Student: Matthew Peters, Undergraduate Student in Computer Science, University of Northern Iowa
Research Mentor: Paul Gray
Creating Mountains with Meteors
Mountains can form in many ways that we know of. A recent theory put forward is if a sufficiently large meteor hits a surface, such as Mars, hard enough a mountain might form on the other side. To find out a program was developed to use antipodal calculations to track the particles of both the asteroid and planet. It also allowed for a series of images to be exported to allow for a visualization of what is happening. The downfall was the program was slow and required it to be recompiled if you ever wanted to make different calculation. This limited the amount of calculations that could be run and required a more complicated install then just move the program over. To fix this I took the program and converted it to another programming language, in this case C, and allowed for the parameters of the calculations to be changed without the need for it to be recompiled. I also gave it the ability to create all the required files it needed to run. This allowed the program to be put anywhere without any setup.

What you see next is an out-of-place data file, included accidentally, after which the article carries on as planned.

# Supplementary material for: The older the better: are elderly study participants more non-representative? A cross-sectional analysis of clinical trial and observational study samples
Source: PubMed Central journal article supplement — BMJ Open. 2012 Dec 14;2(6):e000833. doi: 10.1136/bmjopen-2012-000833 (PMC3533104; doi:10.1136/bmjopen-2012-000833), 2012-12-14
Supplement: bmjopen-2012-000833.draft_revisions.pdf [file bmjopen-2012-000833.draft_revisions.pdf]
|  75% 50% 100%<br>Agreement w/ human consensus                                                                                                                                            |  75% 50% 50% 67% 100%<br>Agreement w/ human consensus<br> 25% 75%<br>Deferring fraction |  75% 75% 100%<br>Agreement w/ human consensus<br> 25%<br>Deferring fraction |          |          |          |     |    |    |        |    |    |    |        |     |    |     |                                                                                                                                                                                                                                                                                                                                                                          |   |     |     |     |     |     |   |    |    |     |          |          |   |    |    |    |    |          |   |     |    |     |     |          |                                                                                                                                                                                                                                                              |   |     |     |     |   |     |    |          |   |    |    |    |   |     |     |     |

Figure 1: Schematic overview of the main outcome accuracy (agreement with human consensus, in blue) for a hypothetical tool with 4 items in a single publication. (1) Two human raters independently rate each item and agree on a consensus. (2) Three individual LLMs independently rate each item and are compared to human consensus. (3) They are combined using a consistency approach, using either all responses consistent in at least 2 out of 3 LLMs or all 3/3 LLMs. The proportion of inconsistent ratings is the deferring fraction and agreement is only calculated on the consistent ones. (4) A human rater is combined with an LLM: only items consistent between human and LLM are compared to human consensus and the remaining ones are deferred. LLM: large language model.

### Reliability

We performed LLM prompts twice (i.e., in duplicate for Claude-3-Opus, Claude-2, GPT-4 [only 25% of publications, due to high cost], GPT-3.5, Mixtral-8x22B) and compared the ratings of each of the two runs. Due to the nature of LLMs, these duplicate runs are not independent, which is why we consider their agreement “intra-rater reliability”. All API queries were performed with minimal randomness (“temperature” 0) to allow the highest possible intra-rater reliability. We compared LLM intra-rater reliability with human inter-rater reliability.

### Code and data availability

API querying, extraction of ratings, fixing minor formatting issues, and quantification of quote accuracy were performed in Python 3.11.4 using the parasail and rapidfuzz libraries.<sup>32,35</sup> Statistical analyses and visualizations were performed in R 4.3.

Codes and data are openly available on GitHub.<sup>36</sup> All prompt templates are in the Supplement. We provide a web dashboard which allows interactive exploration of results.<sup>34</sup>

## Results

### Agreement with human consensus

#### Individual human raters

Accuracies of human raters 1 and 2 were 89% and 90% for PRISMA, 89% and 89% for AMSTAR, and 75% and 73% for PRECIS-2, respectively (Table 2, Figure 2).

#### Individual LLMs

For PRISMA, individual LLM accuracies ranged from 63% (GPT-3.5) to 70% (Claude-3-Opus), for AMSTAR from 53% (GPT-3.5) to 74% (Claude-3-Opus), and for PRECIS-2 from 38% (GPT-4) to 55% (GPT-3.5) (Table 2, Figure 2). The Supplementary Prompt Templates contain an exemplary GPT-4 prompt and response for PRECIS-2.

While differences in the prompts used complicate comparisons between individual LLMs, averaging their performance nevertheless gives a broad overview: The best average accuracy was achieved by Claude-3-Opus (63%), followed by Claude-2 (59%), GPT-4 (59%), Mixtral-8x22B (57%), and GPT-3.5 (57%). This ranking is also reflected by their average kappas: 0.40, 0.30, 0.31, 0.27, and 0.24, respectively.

During the conversion process I noticed some errors in the program. For example one variable was supposed to have the value 0.3, but due to a bug in the compiler was actually getting 0. This error, among others, greatly affected the outcome of the program and caused the planet to blow up, when in fact it should not have. After fixing these errors and adding output so the user can see what the program is doing (with no affect on the performance) the new program ran in 156 minutes while the original took 194 minutes.
Some future goals of this project would be to convert the program to be multithreaded and to allow for GPU processing using OpenCL, this has the potential to significant increase the speed of the program allowing for more calculations to be done and furthering out knowledge.